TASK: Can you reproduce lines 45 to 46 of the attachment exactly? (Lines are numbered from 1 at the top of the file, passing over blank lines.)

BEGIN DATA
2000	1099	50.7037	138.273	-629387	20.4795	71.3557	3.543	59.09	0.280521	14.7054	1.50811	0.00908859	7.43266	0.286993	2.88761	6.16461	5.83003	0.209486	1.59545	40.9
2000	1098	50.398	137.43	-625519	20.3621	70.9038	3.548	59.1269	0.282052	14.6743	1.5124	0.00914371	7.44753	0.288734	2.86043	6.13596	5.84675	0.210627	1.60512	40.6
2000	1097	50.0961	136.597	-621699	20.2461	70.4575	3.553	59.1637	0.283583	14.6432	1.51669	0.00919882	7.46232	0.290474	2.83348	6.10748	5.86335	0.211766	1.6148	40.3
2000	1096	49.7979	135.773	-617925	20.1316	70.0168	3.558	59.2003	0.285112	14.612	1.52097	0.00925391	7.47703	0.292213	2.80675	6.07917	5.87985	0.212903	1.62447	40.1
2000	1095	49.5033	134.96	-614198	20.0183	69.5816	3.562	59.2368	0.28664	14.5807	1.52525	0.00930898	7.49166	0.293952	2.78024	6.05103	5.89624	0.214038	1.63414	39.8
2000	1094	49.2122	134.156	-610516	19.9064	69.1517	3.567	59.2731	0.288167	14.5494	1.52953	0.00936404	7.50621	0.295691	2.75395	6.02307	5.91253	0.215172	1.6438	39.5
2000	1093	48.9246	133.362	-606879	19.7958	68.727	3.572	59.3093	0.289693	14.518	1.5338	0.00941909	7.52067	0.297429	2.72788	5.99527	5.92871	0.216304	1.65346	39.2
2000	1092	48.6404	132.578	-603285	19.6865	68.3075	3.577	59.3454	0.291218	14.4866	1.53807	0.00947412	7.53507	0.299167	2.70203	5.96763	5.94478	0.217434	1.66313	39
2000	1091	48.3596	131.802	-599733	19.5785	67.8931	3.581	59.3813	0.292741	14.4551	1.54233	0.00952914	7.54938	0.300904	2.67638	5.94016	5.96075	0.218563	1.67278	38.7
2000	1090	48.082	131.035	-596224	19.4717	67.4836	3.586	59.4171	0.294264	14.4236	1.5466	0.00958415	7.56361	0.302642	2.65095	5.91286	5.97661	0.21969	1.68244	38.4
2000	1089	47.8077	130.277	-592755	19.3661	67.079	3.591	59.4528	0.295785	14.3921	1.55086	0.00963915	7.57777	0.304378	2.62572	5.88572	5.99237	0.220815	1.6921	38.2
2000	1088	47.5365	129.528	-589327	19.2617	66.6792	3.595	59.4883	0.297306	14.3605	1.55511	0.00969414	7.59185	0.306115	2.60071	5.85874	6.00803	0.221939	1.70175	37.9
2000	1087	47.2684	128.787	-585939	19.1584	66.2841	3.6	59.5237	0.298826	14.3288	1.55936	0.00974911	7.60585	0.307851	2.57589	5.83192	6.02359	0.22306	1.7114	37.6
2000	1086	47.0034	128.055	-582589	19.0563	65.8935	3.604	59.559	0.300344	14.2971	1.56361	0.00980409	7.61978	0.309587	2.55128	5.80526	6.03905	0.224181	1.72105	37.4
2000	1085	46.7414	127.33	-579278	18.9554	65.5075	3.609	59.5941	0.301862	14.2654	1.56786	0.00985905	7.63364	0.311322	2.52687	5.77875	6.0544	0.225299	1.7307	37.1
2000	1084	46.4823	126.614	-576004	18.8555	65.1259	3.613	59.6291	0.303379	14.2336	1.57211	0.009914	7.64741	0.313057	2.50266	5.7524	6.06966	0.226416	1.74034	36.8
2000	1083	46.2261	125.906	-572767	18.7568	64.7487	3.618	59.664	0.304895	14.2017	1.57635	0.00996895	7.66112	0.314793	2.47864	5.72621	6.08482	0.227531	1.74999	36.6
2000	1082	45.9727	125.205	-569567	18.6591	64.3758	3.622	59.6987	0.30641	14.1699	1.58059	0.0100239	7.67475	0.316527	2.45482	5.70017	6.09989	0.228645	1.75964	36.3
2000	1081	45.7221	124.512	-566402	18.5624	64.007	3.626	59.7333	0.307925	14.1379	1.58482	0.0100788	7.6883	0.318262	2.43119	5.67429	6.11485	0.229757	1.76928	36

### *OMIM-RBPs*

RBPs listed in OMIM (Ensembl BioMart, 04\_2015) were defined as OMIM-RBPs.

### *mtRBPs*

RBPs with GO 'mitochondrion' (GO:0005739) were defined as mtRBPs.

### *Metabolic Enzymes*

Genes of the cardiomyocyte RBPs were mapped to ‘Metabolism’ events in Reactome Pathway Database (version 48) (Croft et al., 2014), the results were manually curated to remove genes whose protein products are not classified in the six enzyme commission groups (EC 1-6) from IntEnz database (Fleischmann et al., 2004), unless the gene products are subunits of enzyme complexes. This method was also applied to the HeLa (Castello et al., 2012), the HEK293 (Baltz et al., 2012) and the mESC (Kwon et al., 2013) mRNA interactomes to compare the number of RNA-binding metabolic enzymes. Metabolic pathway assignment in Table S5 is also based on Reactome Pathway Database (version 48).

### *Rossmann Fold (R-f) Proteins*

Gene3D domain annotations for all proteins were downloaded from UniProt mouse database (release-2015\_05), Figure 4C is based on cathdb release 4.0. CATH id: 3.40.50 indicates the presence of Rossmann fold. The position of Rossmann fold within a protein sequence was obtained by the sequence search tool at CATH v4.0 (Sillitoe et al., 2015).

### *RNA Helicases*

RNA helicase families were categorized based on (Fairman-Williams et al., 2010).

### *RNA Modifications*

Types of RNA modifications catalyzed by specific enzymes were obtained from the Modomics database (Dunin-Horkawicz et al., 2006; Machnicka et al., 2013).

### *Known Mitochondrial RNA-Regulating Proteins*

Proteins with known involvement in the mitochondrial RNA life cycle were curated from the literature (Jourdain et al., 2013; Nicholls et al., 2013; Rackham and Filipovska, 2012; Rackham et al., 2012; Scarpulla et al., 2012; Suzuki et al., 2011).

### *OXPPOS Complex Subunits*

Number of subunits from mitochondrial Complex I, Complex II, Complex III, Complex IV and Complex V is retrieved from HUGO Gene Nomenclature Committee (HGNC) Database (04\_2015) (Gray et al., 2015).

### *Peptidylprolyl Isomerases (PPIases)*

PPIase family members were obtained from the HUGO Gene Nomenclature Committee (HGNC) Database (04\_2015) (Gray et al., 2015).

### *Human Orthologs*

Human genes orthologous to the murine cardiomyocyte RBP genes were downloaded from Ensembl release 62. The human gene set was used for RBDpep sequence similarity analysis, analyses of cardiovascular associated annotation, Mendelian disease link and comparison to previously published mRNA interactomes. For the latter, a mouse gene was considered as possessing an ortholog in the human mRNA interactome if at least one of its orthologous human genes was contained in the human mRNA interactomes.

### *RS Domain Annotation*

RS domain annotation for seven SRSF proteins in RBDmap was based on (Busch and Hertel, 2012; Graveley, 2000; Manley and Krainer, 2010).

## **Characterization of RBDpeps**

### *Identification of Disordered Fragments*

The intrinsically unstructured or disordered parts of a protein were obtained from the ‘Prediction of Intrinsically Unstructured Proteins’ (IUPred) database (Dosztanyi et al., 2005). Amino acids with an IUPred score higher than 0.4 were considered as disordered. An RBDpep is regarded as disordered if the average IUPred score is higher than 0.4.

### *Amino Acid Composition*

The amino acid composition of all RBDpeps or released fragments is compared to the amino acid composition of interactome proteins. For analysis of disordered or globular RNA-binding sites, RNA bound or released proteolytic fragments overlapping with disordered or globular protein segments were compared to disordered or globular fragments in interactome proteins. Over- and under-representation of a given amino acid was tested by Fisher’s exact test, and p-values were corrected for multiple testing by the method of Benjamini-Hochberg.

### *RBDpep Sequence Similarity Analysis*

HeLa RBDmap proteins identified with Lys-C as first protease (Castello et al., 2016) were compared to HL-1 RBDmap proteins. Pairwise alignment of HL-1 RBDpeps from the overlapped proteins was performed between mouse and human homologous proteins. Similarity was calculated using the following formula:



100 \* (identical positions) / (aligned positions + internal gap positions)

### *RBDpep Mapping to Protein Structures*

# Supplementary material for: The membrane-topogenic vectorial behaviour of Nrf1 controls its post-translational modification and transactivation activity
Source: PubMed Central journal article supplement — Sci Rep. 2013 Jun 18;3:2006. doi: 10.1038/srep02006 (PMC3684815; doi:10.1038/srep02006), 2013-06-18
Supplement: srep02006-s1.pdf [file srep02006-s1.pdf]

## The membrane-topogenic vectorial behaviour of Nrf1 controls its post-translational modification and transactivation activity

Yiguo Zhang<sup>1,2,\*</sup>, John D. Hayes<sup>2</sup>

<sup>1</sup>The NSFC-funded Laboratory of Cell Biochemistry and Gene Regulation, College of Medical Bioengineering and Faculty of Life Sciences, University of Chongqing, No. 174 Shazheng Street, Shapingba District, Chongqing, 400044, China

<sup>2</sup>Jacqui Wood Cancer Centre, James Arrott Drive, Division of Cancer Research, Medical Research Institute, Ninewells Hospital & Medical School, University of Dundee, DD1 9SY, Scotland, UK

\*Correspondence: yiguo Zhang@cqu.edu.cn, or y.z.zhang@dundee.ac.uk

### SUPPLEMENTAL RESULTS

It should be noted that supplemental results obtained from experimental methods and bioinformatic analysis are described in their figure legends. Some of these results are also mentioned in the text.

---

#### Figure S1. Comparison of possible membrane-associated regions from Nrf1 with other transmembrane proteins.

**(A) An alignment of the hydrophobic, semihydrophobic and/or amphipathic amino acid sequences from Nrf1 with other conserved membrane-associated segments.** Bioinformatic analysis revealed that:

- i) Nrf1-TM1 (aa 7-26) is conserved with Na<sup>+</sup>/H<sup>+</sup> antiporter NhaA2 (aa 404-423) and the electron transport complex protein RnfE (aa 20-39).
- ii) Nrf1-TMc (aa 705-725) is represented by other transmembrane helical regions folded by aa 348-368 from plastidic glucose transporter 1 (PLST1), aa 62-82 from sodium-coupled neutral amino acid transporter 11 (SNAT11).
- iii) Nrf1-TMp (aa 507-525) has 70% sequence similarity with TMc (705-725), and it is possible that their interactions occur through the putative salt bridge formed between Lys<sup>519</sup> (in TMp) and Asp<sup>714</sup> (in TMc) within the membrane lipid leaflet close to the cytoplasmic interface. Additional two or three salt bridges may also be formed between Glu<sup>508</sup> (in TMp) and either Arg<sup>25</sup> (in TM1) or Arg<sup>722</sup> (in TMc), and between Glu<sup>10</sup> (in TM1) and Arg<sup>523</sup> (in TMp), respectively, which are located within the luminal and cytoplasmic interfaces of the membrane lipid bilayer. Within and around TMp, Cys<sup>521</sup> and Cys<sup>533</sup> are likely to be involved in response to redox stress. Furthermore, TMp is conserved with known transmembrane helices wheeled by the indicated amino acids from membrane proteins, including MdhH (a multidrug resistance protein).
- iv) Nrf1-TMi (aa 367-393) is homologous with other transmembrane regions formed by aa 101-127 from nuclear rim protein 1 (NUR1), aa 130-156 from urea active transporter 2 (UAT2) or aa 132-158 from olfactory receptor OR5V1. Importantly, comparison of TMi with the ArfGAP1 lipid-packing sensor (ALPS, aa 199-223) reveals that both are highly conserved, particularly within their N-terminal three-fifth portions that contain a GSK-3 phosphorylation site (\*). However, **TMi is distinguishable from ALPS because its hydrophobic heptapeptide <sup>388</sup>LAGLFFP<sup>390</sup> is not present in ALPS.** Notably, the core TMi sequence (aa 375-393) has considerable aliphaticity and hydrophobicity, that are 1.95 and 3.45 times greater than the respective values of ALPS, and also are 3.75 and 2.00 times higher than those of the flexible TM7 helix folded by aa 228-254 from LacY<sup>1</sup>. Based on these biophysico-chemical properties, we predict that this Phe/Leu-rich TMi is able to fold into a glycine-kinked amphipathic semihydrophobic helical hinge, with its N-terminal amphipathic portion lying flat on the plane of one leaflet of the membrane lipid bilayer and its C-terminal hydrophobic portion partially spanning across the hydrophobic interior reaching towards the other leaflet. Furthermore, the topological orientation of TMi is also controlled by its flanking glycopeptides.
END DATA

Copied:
### *Amino Acid Composition*

The amino acid composition of all RBDpeps or released fragments is compared to the amino acid composition of interactome proteins. For analysis of disordered or globular RNA-binding sites, RNA bound or released proteolytic fragments overlapping with disordered or globular protein segments were compared to disordered or globular fragments in interactome proteins. Over- and under-representation of a given amino acid was tested by Fisher’s exact test, and p-values were corrected for multiple testing by the method of Benjamini-Hochberg.